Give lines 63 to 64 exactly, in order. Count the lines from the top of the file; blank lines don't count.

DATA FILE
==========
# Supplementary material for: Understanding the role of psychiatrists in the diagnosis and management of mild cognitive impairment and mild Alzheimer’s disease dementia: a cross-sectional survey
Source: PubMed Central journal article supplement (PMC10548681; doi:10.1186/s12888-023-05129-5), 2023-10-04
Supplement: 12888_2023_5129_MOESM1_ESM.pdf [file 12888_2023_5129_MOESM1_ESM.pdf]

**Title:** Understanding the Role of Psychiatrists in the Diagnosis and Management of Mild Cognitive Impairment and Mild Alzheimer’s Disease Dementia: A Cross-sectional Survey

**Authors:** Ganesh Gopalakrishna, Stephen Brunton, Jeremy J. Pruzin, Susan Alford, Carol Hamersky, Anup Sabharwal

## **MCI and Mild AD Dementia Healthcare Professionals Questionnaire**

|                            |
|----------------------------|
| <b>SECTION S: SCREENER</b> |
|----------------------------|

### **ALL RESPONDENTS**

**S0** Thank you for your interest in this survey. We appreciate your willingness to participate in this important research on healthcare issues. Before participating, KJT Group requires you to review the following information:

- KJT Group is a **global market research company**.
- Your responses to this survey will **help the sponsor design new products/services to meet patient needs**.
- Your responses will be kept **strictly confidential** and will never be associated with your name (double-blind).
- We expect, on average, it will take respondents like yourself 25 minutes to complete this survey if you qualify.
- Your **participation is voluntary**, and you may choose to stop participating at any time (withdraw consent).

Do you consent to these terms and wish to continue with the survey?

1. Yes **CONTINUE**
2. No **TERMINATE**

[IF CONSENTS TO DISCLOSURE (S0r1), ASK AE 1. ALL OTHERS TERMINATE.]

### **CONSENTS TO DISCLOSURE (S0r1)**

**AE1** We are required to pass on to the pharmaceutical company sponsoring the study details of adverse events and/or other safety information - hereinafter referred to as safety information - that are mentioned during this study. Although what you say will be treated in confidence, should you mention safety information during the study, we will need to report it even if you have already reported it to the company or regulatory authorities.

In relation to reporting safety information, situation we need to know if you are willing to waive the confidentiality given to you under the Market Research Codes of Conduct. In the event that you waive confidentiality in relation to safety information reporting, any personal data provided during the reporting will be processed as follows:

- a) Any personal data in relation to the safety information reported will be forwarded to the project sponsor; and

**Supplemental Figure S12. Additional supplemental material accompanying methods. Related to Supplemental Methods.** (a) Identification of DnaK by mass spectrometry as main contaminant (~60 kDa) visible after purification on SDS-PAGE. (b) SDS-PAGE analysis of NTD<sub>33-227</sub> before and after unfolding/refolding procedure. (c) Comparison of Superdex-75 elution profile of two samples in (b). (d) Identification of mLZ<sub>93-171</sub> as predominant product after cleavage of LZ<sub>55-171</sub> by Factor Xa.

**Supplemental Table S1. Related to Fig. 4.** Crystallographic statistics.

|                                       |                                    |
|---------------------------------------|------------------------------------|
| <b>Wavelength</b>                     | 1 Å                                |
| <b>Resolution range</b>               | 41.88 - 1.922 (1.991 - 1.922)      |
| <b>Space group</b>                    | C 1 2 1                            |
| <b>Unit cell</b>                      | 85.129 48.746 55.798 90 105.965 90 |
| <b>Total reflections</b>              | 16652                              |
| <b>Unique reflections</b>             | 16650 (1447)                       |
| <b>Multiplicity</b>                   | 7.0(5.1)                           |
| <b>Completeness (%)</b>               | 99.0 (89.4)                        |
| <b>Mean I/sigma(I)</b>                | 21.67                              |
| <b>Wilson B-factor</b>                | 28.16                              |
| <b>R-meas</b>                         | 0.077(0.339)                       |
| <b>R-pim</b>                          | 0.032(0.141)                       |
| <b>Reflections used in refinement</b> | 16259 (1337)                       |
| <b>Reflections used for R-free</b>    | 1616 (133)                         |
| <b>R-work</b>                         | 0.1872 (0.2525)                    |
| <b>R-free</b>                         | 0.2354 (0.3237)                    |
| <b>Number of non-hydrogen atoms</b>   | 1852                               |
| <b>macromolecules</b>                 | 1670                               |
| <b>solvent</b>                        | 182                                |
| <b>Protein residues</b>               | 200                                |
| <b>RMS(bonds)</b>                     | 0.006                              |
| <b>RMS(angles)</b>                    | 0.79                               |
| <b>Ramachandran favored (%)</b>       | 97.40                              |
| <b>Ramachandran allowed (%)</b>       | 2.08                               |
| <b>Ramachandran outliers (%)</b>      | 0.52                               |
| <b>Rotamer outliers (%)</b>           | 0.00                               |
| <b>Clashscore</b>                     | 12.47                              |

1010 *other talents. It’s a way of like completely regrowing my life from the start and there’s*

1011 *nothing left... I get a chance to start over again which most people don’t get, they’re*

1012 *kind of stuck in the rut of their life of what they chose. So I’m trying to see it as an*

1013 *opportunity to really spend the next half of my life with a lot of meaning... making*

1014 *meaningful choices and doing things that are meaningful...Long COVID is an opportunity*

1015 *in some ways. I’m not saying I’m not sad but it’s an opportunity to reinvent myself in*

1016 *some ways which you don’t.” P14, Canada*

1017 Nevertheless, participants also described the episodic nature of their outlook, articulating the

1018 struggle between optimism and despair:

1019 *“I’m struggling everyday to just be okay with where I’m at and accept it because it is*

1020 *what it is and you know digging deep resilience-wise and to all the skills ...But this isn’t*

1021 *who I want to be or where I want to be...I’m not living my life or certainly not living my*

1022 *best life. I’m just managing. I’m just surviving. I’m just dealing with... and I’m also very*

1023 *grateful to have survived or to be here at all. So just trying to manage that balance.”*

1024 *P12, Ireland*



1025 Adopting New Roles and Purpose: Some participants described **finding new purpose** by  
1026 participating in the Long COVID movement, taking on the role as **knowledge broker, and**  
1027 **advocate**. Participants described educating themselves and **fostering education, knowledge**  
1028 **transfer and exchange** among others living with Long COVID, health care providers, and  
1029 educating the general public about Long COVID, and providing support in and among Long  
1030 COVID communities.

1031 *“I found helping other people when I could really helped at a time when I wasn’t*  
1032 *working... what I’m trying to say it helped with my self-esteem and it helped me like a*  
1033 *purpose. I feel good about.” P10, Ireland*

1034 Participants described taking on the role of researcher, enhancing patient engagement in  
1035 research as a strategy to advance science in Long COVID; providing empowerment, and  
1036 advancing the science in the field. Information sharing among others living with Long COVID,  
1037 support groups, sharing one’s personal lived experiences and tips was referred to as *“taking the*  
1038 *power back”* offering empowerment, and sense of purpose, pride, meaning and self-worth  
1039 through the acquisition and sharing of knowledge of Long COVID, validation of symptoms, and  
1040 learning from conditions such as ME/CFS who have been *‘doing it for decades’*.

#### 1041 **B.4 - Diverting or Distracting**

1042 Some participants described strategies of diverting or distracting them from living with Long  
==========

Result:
1016 *some ways which you don’t.” P14, Canada*

1017 Nevertheless, participants also described the episodic nature of their outlook, articulating the